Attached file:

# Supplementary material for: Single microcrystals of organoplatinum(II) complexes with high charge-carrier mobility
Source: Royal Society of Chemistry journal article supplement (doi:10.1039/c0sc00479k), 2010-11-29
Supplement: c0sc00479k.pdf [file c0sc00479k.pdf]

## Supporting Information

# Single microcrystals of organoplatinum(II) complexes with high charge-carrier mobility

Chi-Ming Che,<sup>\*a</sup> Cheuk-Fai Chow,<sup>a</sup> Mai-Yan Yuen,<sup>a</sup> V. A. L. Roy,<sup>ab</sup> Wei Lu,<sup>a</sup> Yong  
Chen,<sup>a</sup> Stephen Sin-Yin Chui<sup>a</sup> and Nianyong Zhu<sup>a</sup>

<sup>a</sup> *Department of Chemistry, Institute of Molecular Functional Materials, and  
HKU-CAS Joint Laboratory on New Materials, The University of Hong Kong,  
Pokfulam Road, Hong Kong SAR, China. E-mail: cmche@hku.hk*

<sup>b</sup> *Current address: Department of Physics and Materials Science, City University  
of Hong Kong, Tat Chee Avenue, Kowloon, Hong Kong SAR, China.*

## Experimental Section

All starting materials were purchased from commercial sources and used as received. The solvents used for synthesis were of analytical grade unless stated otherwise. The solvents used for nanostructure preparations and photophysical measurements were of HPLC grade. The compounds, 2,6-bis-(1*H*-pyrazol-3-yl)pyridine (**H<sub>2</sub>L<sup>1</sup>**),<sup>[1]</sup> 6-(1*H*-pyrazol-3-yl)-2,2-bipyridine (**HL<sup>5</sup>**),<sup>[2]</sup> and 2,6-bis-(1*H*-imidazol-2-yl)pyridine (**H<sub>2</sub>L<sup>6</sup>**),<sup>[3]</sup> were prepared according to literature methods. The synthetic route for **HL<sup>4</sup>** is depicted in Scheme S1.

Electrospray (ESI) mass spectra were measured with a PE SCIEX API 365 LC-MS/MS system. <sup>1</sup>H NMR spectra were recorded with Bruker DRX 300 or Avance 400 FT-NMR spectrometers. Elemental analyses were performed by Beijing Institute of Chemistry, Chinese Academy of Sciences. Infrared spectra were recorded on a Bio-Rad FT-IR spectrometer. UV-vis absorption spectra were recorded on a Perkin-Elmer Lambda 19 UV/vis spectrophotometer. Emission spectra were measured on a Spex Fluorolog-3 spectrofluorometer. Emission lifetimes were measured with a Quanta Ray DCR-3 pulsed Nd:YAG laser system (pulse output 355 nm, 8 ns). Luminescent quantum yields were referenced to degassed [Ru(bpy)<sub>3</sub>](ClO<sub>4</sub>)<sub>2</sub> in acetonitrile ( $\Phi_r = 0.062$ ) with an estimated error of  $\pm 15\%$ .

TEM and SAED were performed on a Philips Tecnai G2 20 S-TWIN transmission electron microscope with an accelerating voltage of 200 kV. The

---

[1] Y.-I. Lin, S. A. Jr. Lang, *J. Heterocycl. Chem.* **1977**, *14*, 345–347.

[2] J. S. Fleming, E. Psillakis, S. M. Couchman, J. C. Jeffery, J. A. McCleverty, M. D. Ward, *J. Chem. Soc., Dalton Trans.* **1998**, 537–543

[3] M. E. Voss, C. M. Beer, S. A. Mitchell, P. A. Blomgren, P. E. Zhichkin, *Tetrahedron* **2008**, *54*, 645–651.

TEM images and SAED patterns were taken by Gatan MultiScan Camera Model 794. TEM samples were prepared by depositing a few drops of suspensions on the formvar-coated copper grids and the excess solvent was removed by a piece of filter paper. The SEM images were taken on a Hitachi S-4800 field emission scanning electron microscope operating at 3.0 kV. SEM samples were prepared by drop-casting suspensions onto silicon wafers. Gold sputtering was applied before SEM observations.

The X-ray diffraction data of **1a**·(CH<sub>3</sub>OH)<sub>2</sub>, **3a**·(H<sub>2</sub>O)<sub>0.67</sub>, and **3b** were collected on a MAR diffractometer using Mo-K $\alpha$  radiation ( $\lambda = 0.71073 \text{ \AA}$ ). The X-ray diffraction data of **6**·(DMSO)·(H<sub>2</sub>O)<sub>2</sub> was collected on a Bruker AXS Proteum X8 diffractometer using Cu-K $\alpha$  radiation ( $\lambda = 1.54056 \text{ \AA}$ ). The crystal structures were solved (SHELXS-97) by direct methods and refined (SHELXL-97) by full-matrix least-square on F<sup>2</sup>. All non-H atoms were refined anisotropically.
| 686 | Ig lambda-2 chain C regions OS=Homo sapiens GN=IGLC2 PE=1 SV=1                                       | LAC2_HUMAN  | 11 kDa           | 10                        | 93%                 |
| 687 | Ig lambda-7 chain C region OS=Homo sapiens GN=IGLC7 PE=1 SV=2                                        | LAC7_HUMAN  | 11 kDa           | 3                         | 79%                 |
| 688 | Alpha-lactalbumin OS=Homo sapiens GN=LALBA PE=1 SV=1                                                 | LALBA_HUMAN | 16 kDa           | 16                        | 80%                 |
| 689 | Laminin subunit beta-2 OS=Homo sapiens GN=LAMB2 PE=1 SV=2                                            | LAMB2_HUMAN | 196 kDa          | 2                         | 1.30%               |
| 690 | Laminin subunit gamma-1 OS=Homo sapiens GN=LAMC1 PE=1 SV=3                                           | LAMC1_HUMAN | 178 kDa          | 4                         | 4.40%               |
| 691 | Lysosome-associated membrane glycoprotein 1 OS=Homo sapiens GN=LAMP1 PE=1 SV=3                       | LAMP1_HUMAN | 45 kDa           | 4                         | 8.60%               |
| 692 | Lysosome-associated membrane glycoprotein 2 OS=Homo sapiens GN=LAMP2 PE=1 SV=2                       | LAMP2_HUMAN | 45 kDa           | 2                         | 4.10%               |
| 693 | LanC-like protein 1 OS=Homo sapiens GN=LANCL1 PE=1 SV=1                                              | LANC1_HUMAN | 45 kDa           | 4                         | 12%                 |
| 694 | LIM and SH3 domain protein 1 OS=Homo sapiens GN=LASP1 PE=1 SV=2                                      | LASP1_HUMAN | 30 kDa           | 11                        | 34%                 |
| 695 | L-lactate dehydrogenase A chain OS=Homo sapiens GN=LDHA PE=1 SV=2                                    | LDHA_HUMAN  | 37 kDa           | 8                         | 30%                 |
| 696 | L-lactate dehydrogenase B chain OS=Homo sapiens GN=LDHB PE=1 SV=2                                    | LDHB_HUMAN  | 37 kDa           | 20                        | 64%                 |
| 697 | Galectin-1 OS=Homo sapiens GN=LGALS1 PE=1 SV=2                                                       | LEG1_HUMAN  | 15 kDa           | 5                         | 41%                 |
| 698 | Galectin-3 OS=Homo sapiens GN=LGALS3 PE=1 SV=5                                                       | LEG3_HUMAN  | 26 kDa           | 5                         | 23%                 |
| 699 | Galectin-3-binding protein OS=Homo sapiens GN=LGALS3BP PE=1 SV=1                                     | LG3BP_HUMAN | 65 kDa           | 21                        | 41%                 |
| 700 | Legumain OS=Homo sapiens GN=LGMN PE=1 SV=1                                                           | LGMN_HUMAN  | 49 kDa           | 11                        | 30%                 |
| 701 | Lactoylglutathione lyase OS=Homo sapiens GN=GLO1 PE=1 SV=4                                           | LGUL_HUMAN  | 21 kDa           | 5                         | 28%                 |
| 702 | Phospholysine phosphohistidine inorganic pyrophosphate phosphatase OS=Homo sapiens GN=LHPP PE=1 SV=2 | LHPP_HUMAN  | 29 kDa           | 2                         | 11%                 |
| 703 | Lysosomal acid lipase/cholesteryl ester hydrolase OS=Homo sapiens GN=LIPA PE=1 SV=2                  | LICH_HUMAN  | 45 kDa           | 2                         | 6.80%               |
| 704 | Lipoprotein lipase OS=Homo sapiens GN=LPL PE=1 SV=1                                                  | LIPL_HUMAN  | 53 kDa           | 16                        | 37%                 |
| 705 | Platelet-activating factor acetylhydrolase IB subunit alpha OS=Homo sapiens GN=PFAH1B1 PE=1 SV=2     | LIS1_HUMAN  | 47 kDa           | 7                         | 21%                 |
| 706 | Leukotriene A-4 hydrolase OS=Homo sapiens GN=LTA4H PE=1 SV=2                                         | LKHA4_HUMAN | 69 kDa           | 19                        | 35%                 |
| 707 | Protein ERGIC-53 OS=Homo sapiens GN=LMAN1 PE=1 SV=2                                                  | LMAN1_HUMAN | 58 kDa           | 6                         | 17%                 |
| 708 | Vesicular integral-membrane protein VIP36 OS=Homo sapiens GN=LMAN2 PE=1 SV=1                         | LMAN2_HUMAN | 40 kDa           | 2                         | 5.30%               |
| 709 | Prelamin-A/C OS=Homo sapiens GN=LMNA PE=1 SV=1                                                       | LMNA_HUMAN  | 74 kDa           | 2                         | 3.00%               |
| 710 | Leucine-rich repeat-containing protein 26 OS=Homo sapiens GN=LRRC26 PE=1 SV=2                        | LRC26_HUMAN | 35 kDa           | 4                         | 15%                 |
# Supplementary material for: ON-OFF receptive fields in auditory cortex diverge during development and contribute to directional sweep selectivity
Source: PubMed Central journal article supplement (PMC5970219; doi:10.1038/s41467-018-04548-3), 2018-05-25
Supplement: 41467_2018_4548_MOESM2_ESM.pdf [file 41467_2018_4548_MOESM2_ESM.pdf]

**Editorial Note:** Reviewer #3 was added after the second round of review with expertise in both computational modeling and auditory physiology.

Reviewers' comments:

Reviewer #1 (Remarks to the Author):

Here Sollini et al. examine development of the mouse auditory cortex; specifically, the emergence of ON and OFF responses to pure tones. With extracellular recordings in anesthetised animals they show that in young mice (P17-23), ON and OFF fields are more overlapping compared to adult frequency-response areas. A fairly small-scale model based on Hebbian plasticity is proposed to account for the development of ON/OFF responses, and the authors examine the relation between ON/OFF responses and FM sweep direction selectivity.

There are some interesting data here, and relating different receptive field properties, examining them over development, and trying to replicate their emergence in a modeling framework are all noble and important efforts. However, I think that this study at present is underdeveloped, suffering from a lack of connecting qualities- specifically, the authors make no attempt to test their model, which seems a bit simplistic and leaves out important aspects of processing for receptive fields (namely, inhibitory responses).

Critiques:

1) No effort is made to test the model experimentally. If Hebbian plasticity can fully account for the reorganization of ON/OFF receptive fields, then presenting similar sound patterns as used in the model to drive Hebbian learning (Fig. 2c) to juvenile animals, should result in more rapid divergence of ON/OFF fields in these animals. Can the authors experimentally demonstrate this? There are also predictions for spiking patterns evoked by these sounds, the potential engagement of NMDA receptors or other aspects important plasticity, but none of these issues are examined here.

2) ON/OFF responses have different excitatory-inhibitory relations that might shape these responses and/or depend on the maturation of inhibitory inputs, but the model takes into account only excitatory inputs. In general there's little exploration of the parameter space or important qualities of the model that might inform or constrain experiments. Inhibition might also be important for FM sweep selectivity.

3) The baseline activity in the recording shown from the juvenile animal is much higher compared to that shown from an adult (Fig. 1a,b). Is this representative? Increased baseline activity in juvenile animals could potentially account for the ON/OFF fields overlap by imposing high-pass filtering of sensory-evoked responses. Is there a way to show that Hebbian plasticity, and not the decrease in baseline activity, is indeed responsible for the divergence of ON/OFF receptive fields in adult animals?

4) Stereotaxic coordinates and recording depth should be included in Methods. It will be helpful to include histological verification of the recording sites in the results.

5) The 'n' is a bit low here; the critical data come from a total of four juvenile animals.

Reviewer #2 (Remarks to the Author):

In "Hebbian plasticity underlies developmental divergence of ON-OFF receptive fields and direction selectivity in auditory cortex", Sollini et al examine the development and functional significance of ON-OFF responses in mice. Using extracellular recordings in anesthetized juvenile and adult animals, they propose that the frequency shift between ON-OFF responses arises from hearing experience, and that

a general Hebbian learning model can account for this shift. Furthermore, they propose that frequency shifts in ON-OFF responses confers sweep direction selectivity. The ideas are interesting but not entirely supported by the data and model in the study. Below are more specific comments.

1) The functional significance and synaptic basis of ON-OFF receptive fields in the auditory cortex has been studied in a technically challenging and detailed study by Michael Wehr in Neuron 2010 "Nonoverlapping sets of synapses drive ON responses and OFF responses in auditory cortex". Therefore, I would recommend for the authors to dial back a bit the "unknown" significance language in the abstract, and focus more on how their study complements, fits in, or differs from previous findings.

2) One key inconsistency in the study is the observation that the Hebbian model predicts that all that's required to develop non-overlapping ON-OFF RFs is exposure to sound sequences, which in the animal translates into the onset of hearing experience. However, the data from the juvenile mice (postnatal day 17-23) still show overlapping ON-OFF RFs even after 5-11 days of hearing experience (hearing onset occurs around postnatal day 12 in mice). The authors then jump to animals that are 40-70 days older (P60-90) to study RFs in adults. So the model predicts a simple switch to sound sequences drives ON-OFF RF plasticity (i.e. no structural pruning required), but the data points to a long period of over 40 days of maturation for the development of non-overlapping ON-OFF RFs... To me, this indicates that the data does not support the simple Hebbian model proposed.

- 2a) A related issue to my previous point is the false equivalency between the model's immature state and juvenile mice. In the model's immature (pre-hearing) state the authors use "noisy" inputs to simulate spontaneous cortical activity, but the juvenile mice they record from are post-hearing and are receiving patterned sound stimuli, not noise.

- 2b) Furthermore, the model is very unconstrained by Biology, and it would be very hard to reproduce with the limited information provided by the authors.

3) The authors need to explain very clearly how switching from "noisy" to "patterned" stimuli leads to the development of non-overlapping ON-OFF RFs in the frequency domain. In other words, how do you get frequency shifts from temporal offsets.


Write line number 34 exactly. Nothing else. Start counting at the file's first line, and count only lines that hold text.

| 697 | Galectin-1 OS=Homo sapiens GN=LGALS1 PE=1 SV=2                                                       | LEG1_HUMAN  | 15 kDa           | 5                         | 41%                 |